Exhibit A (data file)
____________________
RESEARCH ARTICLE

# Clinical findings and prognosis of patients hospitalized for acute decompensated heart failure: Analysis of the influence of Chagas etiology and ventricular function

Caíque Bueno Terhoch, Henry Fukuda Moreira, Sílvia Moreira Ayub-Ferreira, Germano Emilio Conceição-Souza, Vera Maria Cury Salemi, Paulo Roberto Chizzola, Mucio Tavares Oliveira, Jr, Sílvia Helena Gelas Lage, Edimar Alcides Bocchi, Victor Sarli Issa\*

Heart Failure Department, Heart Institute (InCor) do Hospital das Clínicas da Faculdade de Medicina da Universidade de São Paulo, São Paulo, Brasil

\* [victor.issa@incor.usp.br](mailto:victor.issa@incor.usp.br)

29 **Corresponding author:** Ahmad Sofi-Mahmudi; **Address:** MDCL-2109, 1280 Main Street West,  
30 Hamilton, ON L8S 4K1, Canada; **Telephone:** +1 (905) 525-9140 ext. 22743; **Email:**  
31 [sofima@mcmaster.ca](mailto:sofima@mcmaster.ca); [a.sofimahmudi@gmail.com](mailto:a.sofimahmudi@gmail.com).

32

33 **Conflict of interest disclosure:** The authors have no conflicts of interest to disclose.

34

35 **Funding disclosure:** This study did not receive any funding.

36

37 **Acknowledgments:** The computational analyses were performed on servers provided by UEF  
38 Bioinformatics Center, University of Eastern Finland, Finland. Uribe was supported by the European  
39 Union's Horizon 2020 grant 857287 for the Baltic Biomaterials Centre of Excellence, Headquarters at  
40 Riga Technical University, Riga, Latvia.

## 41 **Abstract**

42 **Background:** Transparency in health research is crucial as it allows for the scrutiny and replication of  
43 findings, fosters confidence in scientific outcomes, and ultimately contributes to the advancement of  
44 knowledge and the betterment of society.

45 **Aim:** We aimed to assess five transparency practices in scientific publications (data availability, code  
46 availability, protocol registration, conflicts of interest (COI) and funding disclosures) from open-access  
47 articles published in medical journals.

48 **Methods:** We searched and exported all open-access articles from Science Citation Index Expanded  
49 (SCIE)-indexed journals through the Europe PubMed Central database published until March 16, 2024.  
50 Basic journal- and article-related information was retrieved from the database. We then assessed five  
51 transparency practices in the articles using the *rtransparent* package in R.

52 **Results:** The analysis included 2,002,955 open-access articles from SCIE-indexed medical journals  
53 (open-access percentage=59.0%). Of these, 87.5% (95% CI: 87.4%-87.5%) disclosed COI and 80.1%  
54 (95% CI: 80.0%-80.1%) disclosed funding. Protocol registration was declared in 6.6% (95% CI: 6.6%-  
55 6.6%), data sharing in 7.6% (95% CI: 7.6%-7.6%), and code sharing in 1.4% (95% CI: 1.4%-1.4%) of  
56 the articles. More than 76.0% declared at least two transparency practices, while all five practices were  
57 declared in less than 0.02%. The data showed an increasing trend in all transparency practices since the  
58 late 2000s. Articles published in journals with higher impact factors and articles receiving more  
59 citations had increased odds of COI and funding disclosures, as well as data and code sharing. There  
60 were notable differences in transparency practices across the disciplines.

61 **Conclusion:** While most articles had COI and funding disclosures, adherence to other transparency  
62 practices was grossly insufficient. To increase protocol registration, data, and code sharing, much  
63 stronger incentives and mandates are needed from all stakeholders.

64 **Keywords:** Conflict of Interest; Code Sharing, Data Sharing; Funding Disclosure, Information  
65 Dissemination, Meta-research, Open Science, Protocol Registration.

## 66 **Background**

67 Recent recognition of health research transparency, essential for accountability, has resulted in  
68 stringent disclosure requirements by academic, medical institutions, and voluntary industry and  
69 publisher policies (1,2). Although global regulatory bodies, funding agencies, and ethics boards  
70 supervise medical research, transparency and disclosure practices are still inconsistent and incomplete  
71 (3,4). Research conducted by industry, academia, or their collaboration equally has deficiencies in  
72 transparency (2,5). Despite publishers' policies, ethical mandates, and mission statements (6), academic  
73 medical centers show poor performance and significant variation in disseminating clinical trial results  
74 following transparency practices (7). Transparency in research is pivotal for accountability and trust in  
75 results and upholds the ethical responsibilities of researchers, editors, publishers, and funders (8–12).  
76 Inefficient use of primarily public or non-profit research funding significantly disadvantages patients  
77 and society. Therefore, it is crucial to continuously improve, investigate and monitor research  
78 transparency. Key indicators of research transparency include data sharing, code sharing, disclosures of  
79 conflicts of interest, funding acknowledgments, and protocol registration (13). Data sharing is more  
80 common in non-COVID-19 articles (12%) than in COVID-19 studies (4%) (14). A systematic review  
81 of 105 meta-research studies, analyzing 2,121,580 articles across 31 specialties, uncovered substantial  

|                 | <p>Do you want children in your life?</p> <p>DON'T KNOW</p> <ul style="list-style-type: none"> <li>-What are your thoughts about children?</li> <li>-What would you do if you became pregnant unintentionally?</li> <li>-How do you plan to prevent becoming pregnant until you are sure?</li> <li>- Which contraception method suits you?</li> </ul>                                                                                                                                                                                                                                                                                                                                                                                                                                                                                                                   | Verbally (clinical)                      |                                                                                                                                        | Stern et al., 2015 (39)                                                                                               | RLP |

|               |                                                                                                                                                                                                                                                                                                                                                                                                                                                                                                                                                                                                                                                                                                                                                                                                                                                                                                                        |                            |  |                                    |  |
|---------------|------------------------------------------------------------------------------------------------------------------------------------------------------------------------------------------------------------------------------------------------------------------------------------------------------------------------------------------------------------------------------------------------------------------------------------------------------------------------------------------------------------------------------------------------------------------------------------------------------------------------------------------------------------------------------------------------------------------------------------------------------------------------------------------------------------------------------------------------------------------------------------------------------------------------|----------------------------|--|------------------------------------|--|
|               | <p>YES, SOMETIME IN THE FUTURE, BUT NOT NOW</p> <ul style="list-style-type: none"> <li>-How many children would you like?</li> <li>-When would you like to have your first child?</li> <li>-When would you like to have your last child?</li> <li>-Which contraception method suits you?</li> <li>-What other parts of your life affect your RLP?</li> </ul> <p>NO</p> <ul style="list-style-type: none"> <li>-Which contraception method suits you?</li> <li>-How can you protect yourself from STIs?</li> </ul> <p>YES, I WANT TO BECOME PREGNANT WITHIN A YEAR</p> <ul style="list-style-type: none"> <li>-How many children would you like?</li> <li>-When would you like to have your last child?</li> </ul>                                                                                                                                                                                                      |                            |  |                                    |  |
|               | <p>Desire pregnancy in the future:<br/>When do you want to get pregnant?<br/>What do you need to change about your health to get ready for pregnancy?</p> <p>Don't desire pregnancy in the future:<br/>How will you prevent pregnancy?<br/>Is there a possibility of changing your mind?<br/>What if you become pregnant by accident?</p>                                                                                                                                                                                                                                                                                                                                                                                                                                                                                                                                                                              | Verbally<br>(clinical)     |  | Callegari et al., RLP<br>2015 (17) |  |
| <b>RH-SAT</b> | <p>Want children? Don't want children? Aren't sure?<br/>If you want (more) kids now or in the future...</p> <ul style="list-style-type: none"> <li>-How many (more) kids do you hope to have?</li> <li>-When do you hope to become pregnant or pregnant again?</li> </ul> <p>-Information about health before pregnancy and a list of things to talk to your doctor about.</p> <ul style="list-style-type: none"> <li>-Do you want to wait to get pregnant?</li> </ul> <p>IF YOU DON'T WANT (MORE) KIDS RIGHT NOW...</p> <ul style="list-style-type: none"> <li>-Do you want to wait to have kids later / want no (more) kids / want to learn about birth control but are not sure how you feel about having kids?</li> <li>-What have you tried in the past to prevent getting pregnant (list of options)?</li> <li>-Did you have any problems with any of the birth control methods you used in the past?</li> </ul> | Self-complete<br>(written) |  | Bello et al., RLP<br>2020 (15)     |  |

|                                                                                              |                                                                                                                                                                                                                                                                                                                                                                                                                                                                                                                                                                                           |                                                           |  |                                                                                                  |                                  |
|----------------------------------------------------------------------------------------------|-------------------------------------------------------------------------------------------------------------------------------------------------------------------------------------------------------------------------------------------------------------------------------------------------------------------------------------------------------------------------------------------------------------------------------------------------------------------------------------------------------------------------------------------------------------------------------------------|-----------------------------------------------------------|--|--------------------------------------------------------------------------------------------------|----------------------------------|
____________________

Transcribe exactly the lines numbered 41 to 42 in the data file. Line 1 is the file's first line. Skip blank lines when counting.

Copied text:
64 **Keywords:** Conflict of Interest; Code Sharing, Data Sharing; Funding Disclosure, Information  
65 Dissemination, Meta-research, Open Science, Protocol Registration.